Overgrown trees shade the collapsed roof and vines crawl up the siding. The fallen porch has become a home for raccoons, neighborhood cats and other animals, Bonnie Smith said.

The Semple sanitarium was condemned unanimously by city commissioners in a meeting Wednesday with no public dissent.

If the owner, Smith, does not repair or remove the structure within 60 days, the city will proceed with the demolition process, Wynndee Lee, planning and codes director, said.

Located at 128 N. Locust St., the two-story residence was once home to “The Natural Cure Sanitarium” where Etta Semple operated a hospital to heal the poor and social outcasts, according to Herald archives.

Lee introduced the resolution as a third attempt to solve the “attractive nuisance.” She said the owner was prepared to demolish the house at one point, but in two public hearings, people came forward to inhibit the action based on the house’s historical significance.

“Both of the previous times, there were people who came to testify about the significance of the structure and in hopes that someone would step forward to resolve that by acquiring the structure or relocating the structure,” Lee said. “ ... Unfortunately, none of the additional time granted by the governing body actually resulted in a solution.”

Smith, owner of the property since the 1980s, said her husband and son intended to build a garage before the pushback from community historians. She said the structure was offered to the historical society, but nothing happened. She now doesn’t have the finances to tear it down, she said, adding that she wished someone would have saved it years ago.

“If the historical society wanted that place, they missed their chance in the ‘70s when it was still fixable, and worth saving. Now it’s mostly a headache,” Smith said in a recent letter to The Herald.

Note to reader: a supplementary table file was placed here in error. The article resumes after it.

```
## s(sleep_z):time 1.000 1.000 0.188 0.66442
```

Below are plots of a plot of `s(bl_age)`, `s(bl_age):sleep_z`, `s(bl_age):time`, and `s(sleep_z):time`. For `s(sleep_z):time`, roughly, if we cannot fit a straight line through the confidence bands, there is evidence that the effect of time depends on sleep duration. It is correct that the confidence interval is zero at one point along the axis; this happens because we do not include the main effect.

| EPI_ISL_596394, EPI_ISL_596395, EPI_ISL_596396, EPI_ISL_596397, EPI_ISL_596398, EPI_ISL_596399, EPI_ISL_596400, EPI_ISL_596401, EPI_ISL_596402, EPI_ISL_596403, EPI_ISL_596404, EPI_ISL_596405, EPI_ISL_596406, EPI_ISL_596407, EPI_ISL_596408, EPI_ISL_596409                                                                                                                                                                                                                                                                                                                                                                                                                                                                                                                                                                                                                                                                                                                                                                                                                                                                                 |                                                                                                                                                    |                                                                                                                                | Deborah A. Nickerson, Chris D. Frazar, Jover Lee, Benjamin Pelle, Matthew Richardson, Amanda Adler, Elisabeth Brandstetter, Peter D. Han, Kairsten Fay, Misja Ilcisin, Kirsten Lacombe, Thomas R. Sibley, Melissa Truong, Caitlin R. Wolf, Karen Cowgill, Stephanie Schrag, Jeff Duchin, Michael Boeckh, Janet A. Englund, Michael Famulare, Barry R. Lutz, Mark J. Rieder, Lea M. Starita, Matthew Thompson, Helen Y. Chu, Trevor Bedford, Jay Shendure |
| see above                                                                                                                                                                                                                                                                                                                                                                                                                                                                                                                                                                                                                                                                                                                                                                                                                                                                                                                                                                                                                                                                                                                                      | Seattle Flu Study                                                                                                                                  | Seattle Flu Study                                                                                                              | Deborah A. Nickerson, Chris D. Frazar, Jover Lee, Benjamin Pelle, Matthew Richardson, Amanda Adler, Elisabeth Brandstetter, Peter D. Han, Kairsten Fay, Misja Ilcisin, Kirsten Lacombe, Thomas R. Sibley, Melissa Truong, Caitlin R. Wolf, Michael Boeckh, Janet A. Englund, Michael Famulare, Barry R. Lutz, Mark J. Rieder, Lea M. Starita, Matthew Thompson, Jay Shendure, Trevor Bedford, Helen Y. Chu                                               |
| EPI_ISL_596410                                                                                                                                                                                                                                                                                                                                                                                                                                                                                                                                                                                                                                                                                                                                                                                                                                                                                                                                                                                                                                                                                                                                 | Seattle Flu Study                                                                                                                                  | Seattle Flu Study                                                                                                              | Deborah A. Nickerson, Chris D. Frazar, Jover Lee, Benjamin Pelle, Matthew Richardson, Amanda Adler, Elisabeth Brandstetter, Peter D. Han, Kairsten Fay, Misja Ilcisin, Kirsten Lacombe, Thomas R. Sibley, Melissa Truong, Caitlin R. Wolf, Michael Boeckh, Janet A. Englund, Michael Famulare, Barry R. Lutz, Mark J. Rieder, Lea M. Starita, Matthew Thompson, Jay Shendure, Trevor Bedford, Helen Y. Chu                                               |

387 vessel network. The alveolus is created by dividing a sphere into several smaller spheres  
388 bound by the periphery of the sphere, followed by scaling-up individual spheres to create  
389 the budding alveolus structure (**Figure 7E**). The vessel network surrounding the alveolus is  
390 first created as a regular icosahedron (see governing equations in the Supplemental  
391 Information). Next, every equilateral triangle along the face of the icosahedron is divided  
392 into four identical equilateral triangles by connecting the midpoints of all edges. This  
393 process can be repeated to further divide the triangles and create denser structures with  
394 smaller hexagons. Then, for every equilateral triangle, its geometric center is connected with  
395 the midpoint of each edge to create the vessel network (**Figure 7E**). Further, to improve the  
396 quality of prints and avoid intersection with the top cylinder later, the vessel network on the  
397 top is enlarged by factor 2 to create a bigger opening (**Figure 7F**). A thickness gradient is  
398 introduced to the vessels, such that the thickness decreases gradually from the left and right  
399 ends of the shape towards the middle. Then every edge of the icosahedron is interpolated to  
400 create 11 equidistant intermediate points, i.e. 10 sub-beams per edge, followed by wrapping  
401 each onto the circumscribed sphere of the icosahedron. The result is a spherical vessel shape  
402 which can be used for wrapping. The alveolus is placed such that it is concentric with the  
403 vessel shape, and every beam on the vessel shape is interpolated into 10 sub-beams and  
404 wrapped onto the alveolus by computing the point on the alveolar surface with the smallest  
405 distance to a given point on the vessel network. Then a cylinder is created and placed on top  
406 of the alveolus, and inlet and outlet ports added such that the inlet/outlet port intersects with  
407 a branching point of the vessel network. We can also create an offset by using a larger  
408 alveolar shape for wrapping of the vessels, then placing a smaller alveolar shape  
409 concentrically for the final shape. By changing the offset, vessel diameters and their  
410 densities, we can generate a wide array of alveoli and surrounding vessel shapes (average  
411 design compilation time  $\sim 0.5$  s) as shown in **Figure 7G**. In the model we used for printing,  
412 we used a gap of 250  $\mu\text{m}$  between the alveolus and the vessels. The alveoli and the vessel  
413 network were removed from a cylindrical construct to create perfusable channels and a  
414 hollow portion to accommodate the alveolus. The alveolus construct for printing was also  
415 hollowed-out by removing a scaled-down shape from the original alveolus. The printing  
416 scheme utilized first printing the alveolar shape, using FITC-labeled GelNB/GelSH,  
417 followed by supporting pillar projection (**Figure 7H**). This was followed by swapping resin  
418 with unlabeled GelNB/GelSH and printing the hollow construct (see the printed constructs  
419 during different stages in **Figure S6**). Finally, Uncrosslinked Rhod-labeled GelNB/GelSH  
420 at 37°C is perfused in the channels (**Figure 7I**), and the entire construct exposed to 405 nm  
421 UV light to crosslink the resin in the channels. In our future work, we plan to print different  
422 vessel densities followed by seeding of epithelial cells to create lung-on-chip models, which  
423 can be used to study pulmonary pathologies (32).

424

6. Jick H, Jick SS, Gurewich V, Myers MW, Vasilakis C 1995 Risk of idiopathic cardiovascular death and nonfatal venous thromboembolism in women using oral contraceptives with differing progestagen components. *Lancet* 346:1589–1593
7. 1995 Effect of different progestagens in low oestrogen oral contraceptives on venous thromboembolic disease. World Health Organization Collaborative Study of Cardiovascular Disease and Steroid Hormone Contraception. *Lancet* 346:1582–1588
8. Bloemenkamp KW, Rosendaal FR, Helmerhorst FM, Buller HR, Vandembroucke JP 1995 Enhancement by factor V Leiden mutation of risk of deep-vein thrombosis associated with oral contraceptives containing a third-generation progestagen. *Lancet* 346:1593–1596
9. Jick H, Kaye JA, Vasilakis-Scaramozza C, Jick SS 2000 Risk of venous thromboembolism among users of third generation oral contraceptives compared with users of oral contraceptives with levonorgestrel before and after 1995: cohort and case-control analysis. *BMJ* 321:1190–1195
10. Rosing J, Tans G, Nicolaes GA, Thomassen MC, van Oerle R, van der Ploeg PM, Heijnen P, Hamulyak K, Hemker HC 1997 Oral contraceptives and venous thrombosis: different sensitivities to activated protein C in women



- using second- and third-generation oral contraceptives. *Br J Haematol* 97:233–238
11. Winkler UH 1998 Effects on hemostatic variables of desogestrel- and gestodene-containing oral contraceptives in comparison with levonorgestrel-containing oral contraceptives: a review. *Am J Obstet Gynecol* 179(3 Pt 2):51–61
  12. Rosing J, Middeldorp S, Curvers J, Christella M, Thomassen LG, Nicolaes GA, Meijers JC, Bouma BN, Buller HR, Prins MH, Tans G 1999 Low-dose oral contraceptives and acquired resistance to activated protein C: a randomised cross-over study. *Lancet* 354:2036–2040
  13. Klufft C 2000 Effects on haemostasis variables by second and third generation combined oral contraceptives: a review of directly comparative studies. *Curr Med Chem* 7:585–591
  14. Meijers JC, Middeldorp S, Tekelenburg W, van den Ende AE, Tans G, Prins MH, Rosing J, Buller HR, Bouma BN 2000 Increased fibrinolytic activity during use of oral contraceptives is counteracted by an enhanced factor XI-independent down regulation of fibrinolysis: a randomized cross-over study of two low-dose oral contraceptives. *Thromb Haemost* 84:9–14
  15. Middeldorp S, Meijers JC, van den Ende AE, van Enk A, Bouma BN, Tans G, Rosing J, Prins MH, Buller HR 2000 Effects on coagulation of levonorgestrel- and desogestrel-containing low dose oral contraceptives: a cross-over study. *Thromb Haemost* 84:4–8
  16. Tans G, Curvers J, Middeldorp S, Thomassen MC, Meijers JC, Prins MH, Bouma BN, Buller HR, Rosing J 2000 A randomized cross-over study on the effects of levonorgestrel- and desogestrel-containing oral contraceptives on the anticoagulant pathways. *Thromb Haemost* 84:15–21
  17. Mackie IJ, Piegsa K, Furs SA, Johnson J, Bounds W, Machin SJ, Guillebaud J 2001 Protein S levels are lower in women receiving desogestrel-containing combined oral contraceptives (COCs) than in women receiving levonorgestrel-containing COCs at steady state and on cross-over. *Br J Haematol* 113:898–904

Smith has paid taxes on the property for 30 years, she said, and is frustrated she didn’t have the ability to build what she wanted at the Locust Street site.

At Wednesday’s meeting, commissioners Sara Caylor and Shawn Dickinson commented they were sad to see the building’s current state, but agreed it is unsafe and dangerous. Dickinson said he contacted individuals who have saved other historical properties, who told him they thought the structure was beyond repair.

If the city gains the right for removal of a structure, it will seek a bid from a licensed contractor. The size of the building, close proximity to adjacent homes and level of deterioration will contribute to the cost. Demolitions can cost between $3,000 and $8,000 depending on the amount of work, Lee said. The property owners will then pay taxes to the city for the work once it is complete.

In the same meeting, commissioners discussed resolutions to condemn two other properties. Like the Semple house, other resolutions approved condemning structures while also giving owners an opportunity to take action, Lee said. If the owners fail to do so in the timeline established, the city is given the right to proceed.

A single family residential structure located at 716 S. Ash St. was found by city inspectors to have a caving foundation and other deterioration, Lee said. A local licensed concrete contractor recommended demolition, she said.

Commissioners voted 5-0 with no public comment to pass the resolution for condemnation.

The second structure, located at 820 N. Locust St., was found by inspectors to be unfit for human occupancy on July 8, 2014, according to a planning and codes document. Inspectors identified deterioration of the roof and improper heating.

“It hasn’t been abandoned, it just has some needs,” Lee said.

In the public hearing, the owner, Joseph Espinosa, asked for a year extension due to a pending loan. The home has been in his family since the 1940s and he would like to afford to repair it, he said.

He said he has since moved out of the home to find other housing. Commissioners voted 5-0 to continue the resolution in 60 days in order to give the owner time to determine permit status.

Amelia Arvesen is a Herald staff writer. Email her at aarvesen@ottawaherald.com. Follow her on Twitter at @AmeliaArvesen.

Amelia Arvesen is a Herald staff writer. Email her at aarvesen@ottawaherald.com. Follow her on Twitter at @AmeliaArvesen.